Note: I have a self-imposed embargo on writing about Australian arts when not in the country, which I am (again) breaking to write this due to the extreme nature of the government cuts and their wider implications. I am conscious that taking pot-shots from afar is not ideal, and no attempt is being made to capitalise on this position.
Reading Alison Croggon’s self-published submission to the Senate Inquiry into the Arts Budgets of 2014-15, which is reviewing a reallocation under direct government control of almost 50% of Australia's major arts funding body's budget allocates to artists, one can make some casual notes which result in an alarming whole. Putting aside Alison’s undeniable authority on the issue established in an intimidating autobiographical introduction, the irrefutable nature of the argument is its most shocking component. Some statistics presented are alarming to those new to them: that the Arts sector is nearly as big as Mining, that it is a far greater employer, that it receives substantially less government subsidy than mining, not to mention benefiting to Australian life in terms of education, togetherness, and identity. These arguments are not new to Croggon, who has been championing these statistics for some time to anyone who will listen.
Nor, unfortunately, is it news to the Australian government, which has full access to this data. They know how big the arts sector is, they know how big an employer it is. They have mapped out precisely how the cuts will affect everyone – as Alison puts it, "individual artists, who already substantially fund the arts through their unpaid work, will be forced to compete in a diminishing pool", moving overseas or opting for different careers to keep off the dole queue. This is not an accident, it is precisely the point. As ad hoc and reckless as the Abbott government’s strategy may sometimes seem, the cause and effect has been fully mapped, and it is certainly not something drawn up on the back of a napkin at Rockpool Seafood Restaurant over a few glasses prior to a helicopter ride home to Double Bay. The reality is not casual - it is much worse.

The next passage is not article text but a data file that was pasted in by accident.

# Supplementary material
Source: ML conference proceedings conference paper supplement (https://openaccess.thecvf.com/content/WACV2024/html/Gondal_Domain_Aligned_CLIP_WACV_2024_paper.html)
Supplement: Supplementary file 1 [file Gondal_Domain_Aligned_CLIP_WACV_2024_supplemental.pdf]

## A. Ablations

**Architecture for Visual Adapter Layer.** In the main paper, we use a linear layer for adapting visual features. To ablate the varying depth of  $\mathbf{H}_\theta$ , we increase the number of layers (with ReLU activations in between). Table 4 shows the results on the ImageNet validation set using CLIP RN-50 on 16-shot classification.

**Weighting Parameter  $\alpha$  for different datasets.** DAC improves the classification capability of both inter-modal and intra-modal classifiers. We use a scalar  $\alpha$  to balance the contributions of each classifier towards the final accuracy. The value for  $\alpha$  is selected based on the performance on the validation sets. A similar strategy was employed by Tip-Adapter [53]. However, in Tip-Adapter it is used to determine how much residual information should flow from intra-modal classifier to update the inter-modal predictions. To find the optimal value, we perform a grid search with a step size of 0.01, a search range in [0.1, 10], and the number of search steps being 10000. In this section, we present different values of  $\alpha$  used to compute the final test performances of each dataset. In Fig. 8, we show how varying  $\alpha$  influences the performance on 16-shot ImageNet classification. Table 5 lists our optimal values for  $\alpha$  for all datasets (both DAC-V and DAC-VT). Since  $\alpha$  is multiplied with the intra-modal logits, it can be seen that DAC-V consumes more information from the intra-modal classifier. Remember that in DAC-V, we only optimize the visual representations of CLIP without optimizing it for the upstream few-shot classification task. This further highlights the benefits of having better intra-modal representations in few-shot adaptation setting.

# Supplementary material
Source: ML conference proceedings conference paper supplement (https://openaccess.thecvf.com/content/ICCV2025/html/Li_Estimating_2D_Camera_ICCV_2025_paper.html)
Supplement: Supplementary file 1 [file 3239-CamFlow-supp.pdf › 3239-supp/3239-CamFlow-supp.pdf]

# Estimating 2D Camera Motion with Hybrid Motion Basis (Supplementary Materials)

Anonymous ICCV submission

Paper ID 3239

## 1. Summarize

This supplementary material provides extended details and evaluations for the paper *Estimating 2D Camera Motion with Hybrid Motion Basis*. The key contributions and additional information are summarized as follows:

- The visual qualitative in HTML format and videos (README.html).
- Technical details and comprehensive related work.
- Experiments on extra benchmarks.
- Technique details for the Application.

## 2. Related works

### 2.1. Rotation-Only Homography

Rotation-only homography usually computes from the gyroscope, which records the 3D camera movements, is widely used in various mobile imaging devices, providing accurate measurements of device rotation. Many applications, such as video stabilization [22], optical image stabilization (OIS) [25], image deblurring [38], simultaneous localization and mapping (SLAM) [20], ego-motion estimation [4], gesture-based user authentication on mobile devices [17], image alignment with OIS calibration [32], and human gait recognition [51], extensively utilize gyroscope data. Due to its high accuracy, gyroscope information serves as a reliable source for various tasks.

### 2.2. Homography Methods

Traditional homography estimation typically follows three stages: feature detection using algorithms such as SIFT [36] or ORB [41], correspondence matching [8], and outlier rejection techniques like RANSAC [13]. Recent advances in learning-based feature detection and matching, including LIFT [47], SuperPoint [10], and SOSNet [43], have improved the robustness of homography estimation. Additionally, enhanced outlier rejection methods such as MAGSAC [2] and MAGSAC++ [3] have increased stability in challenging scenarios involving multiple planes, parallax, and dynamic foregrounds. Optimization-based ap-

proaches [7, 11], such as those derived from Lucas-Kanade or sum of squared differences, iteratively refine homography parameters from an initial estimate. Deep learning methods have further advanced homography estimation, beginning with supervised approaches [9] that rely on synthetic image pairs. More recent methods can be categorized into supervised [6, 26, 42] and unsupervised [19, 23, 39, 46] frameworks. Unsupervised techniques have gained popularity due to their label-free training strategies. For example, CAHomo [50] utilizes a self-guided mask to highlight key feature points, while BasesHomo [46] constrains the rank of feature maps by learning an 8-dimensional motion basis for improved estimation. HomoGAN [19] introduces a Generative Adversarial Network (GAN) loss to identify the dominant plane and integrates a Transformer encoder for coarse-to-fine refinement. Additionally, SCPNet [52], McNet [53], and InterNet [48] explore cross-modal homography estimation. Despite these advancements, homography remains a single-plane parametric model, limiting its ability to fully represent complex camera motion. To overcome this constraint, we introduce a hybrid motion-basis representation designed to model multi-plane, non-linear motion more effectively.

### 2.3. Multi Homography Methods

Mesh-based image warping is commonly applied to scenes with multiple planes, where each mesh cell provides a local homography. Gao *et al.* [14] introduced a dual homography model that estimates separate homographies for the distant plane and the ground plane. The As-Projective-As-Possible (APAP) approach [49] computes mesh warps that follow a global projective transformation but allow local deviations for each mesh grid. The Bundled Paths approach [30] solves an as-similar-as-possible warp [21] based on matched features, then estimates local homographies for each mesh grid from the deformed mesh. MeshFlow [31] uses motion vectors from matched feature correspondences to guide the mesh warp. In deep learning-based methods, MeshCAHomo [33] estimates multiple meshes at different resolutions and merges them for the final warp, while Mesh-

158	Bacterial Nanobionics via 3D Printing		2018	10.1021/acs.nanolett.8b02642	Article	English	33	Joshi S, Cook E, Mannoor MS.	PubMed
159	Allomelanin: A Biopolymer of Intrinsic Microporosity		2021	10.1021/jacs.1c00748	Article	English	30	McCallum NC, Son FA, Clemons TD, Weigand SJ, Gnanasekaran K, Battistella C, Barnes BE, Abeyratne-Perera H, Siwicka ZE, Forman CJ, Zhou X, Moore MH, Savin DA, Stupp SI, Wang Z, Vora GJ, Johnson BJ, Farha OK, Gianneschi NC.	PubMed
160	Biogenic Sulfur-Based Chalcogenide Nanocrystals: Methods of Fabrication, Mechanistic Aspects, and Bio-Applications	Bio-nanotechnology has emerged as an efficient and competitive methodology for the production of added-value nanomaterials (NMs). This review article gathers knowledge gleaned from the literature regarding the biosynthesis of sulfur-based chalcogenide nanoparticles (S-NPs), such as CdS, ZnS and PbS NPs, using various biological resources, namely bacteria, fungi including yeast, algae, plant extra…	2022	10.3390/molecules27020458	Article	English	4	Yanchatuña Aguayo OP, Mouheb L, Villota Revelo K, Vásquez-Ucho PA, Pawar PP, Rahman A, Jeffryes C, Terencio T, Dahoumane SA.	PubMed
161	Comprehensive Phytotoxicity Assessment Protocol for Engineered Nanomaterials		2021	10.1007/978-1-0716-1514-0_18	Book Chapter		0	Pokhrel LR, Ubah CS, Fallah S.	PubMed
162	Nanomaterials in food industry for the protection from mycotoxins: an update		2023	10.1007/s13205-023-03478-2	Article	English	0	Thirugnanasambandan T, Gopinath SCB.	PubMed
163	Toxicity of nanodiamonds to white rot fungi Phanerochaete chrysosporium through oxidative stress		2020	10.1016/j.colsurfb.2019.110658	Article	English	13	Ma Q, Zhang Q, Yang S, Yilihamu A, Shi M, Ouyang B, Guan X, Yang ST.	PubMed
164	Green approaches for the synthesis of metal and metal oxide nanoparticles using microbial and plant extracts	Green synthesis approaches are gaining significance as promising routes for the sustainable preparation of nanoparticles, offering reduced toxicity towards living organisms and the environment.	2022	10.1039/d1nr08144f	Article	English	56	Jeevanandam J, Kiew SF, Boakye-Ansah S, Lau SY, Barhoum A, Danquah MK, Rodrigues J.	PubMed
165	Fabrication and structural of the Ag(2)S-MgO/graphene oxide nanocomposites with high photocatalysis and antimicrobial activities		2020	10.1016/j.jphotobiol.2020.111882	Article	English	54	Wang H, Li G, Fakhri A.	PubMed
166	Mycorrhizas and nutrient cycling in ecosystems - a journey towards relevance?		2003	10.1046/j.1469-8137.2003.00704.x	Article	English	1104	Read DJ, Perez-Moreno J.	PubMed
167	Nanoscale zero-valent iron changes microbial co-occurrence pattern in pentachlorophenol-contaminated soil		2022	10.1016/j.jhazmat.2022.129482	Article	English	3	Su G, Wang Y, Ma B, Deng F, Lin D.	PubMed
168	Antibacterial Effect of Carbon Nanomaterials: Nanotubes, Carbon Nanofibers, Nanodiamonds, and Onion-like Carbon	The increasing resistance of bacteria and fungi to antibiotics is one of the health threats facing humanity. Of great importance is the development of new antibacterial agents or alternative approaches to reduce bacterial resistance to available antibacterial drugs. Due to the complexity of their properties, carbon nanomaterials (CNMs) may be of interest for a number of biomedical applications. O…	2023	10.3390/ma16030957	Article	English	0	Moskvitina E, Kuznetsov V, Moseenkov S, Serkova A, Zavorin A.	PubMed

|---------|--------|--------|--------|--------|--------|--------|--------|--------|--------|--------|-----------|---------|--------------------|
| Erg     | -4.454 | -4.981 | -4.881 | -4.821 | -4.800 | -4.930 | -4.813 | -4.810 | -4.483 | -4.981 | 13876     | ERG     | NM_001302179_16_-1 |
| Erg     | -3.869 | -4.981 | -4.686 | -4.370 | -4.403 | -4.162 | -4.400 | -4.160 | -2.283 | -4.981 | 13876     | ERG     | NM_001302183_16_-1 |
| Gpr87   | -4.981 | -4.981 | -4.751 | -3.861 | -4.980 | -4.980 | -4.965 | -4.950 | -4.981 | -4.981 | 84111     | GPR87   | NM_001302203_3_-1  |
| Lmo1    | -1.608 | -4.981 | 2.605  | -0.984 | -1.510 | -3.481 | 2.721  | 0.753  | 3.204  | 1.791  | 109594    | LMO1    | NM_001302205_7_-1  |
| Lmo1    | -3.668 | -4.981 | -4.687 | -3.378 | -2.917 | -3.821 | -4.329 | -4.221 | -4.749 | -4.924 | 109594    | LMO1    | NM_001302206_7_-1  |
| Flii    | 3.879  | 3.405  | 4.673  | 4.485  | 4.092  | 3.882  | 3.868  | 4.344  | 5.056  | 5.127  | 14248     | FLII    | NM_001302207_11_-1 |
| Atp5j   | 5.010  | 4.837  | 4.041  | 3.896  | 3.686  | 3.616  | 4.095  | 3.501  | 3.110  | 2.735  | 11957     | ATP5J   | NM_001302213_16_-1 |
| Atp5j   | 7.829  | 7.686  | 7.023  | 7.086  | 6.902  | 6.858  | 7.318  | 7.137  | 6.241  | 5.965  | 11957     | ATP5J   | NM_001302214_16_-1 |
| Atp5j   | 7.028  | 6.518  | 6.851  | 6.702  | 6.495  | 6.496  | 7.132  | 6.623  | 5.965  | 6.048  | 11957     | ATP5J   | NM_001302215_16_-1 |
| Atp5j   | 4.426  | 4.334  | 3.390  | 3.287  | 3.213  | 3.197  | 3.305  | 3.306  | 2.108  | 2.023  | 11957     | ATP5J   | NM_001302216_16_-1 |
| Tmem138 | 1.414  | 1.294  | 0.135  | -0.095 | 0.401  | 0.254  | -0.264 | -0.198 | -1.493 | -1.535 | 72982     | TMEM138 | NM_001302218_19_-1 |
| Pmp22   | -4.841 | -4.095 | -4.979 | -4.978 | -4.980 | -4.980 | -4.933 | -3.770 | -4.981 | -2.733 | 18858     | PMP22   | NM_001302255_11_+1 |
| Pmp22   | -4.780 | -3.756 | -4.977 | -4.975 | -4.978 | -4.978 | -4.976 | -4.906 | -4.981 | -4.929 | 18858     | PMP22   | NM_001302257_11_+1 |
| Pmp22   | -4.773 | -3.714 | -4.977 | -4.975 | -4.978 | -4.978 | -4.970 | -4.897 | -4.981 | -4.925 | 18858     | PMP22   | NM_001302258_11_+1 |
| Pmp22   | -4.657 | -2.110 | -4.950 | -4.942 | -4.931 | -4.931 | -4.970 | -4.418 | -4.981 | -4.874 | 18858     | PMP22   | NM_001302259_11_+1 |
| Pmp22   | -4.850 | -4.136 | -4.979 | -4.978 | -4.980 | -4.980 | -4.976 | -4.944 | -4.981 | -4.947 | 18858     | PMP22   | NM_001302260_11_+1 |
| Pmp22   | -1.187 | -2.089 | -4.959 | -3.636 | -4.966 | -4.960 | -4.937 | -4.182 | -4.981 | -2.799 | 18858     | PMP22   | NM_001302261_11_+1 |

The question that naturally arises from Alison’s argument is as follows: why would any government, especially one from a party nominally interested in economic prosperity (at least historically), want to smother a sector that is seemingly performing so efficiently and productively – employing so many people with so little government expenditure? The answer to this question lies in their overall electoral strategy, which involves marginalising target groups and decimating their influence on the political narrative.
Removing the real opposition
Among the greatest threats to the Australian government at the next election is the potential for communities and collectives of critical thinkers to collectively emerge in opposition to it and form coherent counter-narratives. The money from Arts Council Grants is one of many methods of support and growth for these communities and can indirectly feed critical public dialogue. The free time that people from these communities have to be active – many of which, it should be noted, are still in fledgling stages and are still defined by individualism, career-driven and institutional objectives – is removed when you starve them of money. Furthermore, cherry-picking certain artists to receive funding allows the government to distribute the flow of finance only towards those artists which are not likely to even inadvertently feed this community. The comments from the CEO of Opera Australia, Craig Hassall, that he was “delighted” and that “my first thought is that I am relieved and delighted that major performing arts companies' funding hasn’t been cut […] I don’t really have a view on where the money comes from, as long as the government is spending money on the arts” should be read in this light – further, not only will Opera Australia benefit from the changes through its funding being maintained, it will directly benefit from the removal of its primary competitors in the marketplace, which includes small and independent organisations thriving on some sense of collectivity, community and solidarity. Furthermore, the beneficiaries of the cherry-picked funding – Brandis’ own Artists Army if you like - are likely to be classically-trained artists from wealthy backgrounds, who include most of Australia’s opera singers, it being an expensive activity, further benefiting from another individual source of funding.